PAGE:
I gave boxes and boxes of French books from my college and graduate student days to the libraries at San Francisco City College and the Lycée Français de San Francisco. Other books went to City College, the Salvation Army, or Good Will, along a lot of stuff that didn’t get sold or given away during the garage sale. We ended up having charitable companies come with trucks and take away pieces of furniture that we couldn't sell or give away otherwise. Friends rented a truck and came to get a refrigerator we had put in the back of the garage when we had our kitchen redone.

Here are a jade plant and a schefflera that I hated to part with.
San Francisco was great for plants. They could stay outside year-round
because the weather was never really hot and never really cold.

It was amazing to realize how much stuff we had but didn't need. I guess our life had gotten out of control, to an extent. What I most regretted having to get rid of, when all was said and done, was all our big houseplants. We had had some of them since the 1980s. They had moved across the country with us when we left Washington DC for San Francisco in 1986.

That earlier move had been so different. We had rented a truck in Washington and packed it full of everything we could fit into it. We didn’t have so much furniture back then, and we didn’t have computers and all the computer paraphernalia that we had accumulated, including a couple of desks and desk chairs. We had fewer books and fewer stereos and TVs back then, not to mention fewer clothes.

For the move to California, we rented a trailer so that we could haul my car to California behind the truck. We had earlier driven to California with a car top carrier on Walt’s car and left the car and the carrier full of stuff there with friends. We flew back. This time, we put my car on the rented trailer and filled it with plants. It became a rolling greenhouse for the transcontinental journey. The plants were declared healthy by the authorities at the California border near Tahoe and we and the plants rolled on down to the SF Bay Area.

Some of our plants had survived the 1986 move from DC to SF, or their
parents had. They all had to go because we couldn't move them to France.

This time, we wondered if we really were going to sell the house quickly and for a good price. Everything depended on that. If we didn’t sell it and ended up having to forfeit the deposit we had put down on the house in France, we would still feel good about having gotten rid of a lot of stuff that we didn’t really need. But not the plants. I would miss those, especially if we ended up not moving. I ended up selling most of them for a dollar or two. I just wanted them to go to good homes.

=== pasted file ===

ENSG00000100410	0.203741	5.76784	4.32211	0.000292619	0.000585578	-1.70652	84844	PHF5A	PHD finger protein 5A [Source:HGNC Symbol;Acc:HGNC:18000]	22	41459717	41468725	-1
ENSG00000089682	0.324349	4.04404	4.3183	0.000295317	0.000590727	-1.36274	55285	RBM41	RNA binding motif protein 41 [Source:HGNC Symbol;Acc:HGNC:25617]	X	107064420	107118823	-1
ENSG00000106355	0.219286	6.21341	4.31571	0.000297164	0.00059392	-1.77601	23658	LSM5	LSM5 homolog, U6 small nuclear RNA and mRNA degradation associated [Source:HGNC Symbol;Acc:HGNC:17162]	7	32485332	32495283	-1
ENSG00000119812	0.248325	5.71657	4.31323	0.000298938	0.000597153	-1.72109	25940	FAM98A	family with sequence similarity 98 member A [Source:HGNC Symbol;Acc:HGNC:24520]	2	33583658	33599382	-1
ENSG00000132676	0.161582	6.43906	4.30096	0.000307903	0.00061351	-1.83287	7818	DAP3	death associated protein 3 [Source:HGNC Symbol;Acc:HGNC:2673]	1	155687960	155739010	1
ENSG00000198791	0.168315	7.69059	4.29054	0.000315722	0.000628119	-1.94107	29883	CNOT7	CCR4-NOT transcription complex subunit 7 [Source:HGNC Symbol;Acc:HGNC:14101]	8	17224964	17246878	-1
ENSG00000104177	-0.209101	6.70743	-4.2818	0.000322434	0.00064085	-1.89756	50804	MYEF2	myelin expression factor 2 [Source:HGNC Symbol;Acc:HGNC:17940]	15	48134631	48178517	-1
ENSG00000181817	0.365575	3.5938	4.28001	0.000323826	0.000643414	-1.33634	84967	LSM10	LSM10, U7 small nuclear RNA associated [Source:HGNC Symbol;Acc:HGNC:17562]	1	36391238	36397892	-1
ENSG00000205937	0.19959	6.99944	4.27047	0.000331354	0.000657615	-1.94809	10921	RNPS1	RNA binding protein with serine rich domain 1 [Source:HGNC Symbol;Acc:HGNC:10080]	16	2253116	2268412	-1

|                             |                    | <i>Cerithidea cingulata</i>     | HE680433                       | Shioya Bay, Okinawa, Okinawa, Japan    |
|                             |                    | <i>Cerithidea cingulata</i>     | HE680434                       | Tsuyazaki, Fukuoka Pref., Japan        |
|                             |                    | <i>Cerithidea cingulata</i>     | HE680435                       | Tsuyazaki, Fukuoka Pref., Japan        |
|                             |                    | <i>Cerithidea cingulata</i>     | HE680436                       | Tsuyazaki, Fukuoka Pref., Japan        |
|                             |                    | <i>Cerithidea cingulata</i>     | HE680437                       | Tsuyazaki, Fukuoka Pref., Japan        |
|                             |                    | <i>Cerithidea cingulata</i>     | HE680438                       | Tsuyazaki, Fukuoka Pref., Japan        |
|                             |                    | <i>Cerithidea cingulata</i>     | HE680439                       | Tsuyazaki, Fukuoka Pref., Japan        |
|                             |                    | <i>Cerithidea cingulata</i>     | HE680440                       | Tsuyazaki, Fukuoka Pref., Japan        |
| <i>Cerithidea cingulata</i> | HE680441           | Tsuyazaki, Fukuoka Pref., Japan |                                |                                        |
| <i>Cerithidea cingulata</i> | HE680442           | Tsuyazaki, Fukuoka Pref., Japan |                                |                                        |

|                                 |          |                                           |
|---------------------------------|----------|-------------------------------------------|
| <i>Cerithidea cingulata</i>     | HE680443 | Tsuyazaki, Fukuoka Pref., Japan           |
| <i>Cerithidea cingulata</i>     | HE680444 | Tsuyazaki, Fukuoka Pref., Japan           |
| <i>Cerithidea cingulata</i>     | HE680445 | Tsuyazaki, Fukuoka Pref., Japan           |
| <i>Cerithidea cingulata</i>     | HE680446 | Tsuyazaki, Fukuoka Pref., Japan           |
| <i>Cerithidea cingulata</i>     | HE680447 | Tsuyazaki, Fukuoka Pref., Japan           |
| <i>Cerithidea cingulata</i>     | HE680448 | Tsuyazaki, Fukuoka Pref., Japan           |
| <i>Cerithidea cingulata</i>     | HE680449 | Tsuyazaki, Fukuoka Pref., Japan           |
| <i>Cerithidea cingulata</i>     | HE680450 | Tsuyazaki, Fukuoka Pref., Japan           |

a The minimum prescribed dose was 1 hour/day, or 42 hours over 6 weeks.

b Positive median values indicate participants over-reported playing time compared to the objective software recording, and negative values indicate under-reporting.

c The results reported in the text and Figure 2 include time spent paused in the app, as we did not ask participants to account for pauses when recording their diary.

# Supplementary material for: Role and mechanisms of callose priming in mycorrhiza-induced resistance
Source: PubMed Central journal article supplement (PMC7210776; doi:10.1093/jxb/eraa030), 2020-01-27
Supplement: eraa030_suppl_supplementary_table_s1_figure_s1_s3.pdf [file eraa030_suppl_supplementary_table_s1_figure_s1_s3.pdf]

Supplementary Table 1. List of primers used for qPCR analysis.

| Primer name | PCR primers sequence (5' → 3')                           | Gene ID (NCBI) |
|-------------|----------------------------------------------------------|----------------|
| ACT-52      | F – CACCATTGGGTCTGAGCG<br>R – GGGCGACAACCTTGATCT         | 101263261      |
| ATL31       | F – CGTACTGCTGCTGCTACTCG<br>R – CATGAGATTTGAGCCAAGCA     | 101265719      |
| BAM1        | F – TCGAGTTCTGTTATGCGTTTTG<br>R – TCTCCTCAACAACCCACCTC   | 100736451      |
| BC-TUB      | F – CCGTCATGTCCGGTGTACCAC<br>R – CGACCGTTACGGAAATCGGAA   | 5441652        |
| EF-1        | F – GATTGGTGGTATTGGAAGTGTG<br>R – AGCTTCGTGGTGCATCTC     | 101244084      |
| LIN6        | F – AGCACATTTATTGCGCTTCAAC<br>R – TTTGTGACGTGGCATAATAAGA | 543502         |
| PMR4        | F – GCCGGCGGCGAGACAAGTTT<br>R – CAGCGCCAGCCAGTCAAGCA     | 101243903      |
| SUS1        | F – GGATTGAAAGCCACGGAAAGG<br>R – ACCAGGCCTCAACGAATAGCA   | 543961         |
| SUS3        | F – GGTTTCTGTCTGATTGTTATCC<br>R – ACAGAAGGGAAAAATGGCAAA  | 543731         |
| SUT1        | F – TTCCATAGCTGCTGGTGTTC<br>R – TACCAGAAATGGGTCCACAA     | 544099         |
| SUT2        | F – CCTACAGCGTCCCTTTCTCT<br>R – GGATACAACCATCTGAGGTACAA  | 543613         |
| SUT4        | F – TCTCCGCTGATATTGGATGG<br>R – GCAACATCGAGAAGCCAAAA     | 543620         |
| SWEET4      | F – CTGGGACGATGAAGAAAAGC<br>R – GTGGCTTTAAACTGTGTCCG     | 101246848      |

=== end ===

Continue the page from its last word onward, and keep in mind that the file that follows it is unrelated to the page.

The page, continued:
The other big headache, in a sense, was the dog. What if we couldn’t get permission to move Collette to France? We were not willing to leave her behind. If Collette couldn’t move to France, neither could we. She was already 11 years old, so we would just have to wait a few more years until she passed on if she couldn’t move with us. Then we could relocate. I started doing research on the Internet and making phone calls to see what restrictions France placed on the importation of domestic animals.

Walt and Collette in the empty San Francisco house, March 2003.

Meanwhile, I was going to have to sacrifice myself and go back to France in early February. We had decided to incorporate ourselves in order to buy the house there. That way, we would sidestep all the strict French inheritance laws, under which you are not allowed to leave your property to anybody but immediate family when you die. We agreed that if one of us died, we each wanted the other to own the house free and clear. And one of us needed to go to France to sign papers setting up the société civile immobilière, or real estate corporation, to make that possible. That was me. Walt would stay in San Francisco and continue getting our house ready for the first public viewing, which the realtor scheduled for about February 15. He was still employed at that point, actually.

We hadn't yet agreed on an asking price.

Also, we were starting to research the requirements for getting long-stay visas for France. We didn’t want to end up as illegal immigrants if we really did move.

It all depended on selling the house for the right price and at the right time. And on getting visas for ourselves and the dog. If we found that we couldn't sell the SF house for a good price, we still might have time to arrange financing for the house at La Renaudière before April 15. Or request an extension. Time would tell.


  1. reading this, and about Colette, just moved me.

  2. Bonjour Cigale,

    When we were in the process of moving, a good friend, and one of Collette's oldest friends, said she would of course adopt Collette if we had to leave her behind. We knew that Collette would have a good home, but that wasn't an option for us. Now Collette's friend (and ours) has bought a house 10 miles south of Saint-Aignan and will be moving to France in the fairly near future.